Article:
Don’t tell the neighbors

Sometimes, ignorance about income inequality is a good thing.

In our new Gilded Age of reality shows and celebrity magazines, consumption is more conspicuous than ever. Economists worry about the effects of income inequality—but a recent Yale experiment suggests that it may be the display of excess wealth, not the wealth itself, that rips at our social fabric.

A team at the Yale Institute for Network Science, led by sociology professor Nicholas Christakis ’84, set up a laboratory game, grouping participants into social networks and giving each person some money. In some groups, everyone started the game with the same amount of money; in others, initial wealth varied. And, crucially, in some groups, people knew how much wealth their neighbors had, while in others, that information was hidden.

Subjects could choose either to invest in their neighbors—which created more wealth for the group as a whole—or to “defect,” at no personal cost but without a group benefit either. At the end of each game, the researchers examined changes in wealth inequality, as well as levels of friendliness and cooperation. (The results appeared online in Nature on September 9.)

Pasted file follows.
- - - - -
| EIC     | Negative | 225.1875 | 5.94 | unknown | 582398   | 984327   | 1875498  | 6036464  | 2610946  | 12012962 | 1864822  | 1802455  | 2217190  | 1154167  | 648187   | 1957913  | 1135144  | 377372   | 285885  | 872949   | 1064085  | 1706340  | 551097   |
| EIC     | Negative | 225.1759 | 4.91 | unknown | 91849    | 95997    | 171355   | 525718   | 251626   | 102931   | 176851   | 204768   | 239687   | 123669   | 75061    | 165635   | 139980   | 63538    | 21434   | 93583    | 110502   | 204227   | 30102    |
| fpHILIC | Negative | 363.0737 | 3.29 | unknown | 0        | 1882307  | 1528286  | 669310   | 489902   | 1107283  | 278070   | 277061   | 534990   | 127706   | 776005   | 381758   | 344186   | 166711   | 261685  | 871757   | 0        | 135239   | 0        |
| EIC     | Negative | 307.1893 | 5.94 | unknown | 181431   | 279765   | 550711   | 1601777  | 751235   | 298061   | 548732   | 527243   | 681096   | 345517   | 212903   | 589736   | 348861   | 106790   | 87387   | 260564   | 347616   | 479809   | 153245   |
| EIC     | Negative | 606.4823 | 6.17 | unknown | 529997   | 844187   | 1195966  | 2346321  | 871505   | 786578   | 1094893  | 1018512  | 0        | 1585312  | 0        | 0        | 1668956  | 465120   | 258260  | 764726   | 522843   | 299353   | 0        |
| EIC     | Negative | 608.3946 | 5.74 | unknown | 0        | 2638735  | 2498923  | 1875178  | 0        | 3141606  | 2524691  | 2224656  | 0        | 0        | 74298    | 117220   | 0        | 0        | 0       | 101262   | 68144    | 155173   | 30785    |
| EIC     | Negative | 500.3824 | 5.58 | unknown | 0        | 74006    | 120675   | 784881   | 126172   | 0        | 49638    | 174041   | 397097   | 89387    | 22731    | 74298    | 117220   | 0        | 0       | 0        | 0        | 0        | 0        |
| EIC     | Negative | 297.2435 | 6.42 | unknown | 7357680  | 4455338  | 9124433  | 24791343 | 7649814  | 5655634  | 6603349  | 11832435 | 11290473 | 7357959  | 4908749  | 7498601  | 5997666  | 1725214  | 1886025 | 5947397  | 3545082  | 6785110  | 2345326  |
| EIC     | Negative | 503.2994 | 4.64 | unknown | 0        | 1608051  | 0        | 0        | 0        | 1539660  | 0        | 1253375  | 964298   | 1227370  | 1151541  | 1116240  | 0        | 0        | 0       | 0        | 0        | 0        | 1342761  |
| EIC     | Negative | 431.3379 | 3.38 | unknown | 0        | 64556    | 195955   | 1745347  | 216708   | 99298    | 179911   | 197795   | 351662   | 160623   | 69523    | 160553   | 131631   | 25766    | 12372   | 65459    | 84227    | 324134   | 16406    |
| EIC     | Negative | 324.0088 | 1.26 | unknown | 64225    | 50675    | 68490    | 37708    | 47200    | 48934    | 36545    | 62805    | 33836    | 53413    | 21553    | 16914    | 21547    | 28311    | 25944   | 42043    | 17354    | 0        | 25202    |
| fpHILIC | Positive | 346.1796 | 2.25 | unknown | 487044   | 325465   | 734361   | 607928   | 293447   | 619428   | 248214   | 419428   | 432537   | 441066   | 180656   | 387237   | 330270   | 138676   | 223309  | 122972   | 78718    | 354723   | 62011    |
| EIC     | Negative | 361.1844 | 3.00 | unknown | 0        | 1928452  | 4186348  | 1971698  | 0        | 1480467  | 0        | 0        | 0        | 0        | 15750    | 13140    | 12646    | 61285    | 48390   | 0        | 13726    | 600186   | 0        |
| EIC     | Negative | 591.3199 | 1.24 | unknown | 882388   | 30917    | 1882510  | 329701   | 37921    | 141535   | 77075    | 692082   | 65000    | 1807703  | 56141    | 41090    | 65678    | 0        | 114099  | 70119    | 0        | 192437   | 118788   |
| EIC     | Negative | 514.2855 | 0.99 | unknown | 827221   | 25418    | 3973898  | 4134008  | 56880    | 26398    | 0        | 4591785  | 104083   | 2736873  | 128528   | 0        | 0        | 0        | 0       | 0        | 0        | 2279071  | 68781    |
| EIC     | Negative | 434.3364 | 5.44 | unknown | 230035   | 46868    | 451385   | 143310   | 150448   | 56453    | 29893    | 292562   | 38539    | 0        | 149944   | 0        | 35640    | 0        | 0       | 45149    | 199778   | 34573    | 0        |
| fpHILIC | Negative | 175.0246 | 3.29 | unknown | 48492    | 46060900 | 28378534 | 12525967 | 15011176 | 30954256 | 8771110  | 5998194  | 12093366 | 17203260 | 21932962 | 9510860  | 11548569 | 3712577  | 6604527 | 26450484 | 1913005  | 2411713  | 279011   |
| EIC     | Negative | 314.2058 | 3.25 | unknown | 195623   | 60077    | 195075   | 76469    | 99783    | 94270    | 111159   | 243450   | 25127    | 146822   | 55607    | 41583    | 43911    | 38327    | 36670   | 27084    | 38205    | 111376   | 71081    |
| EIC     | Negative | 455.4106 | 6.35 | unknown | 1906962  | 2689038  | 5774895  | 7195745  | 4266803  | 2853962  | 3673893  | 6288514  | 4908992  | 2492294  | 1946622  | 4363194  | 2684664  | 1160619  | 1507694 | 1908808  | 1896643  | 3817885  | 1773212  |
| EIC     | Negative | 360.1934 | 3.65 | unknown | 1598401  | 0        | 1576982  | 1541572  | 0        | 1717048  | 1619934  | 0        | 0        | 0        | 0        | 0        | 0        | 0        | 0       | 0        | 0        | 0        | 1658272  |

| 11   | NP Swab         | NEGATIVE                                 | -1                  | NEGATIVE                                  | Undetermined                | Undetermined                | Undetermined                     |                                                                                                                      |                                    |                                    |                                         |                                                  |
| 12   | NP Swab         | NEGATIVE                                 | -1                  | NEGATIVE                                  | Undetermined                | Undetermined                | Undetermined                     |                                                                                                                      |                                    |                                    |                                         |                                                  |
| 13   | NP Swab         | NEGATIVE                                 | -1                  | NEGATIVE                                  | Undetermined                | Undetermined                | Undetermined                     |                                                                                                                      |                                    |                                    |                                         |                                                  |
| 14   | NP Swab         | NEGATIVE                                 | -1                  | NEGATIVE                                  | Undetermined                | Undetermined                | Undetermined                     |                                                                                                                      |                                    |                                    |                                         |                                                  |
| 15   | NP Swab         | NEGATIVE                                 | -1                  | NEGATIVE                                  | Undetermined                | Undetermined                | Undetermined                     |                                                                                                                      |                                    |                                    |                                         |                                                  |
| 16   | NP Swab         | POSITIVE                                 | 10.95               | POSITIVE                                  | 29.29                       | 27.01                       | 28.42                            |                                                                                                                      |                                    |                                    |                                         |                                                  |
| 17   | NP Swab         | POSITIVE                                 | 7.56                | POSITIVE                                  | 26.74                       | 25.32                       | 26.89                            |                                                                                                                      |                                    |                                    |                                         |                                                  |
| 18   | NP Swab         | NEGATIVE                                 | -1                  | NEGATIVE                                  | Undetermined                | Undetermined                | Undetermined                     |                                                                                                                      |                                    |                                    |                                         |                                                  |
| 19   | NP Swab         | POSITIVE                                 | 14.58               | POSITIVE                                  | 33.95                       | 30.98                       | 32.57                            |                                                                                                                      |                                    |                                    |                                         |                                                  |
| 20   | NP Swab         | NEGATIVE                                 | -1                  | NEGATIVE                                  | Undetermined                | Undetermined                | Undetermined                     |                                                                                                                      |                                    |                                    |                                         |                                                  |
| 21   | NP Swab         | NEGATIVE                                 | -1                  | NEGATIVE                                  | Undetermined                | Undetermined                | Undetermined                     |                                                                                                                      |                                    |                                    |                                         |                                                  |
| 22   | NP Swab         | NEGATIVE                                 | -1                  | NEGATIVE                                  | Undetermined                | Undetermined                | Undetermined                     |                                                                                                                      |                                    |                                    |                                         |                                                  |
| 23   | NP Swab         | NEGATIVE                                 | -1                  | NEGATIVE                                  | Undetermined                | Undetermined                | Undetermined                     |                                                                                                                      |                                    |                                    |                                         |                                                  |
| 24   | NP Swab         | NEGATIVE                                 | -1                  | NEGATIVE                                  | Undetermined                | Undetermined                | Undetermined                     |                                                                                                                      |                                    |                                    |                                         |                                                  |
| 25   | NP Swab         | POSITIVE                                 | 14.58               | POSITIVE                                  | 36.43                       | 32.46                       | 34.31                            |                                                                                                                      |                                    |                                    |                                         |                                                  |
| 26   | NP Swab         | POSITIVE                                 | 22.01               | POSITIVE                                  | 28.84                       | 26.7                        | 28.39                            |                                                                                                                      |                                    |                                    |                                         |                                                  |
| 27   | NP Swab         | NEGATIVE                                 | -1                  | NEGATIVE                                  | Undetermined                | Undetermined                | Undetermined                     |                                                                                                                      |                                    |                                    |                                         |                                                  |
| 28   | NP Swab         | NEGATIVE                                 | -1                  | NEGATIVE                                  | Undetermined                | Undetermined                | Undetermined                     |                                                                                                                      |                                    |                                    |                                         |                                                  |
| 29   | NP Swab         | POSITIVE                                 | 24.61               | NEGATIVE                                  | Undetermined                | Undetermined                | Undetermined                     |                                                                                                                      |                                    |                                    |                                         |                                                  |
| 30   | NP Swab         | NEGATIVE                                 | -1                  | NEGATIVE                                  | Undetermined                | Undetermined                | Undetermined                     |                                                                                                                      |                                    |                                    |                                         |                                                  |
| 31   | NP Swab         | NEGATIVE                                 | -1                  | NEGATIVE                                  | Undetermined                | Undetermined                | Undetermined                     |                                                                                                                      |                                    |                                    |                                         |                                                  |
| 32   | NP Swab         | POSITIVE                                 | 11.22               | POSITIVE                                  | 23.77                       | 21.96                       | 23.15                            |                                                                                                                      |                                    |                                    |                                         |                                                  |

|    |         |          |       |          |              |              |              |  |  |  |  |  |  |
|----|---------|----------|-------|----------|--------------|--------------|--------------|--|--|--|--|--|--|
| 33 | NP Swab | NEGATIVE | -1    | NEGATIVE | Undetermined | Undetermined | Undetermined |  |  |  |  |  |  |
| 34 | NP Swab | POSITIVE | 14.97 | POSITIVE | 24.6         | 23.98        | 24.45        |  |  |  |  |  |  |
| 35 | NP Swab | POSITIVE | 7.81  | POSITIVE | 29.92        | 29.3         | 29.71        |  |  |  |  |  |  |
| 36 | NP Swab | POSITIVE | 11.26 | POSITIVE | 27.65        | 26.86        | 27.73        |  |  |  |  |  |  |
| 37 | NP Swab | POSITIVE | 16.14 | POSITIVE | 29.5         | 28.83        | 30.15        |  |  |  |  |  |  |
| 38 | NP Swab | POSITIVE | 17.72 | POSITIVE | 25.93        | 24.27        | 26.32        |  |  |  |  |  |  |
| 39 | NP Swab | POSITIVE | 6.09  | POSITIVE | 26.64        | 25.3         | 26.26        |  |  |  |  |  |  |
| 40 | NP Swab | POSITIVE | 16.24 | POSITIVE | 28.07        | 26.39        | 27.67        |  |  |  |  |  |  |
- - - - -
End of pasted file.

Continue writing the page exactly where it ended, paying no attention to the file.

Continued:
Visibility turned out to make all the difference. In groups where wealth differences were hidden, high initial inequality levels drifted lower by game’s end. But when wealth differences were obvious, that very visibility acted to preserve inequality. Rich players in the “visible” scenario, Christakis explains, were the reason: they were less inclined to invest in obviously poorer neighbors. That toxic combination of initial inequality plus visibility also diminished overall goodwill and collective wealth. “It suggests this lack of niceness among the rich in these visibly unequal worlds,” Christakis says.

On the other hand, visibility may not be as harmful if inequality is minimal to begin with. It might be the case, comments Christakis, that making pay transparent would be helpful in companies with a low pay spread between CEOs and line workers—though it might be harmful in companies with high inequality.

The experiment doesn’t show harm to economic growth from inequality per se, a result that may please economic conservatives. Still, perhaps it’s high time for a comeback of that old-fashioned virtue: modesty.

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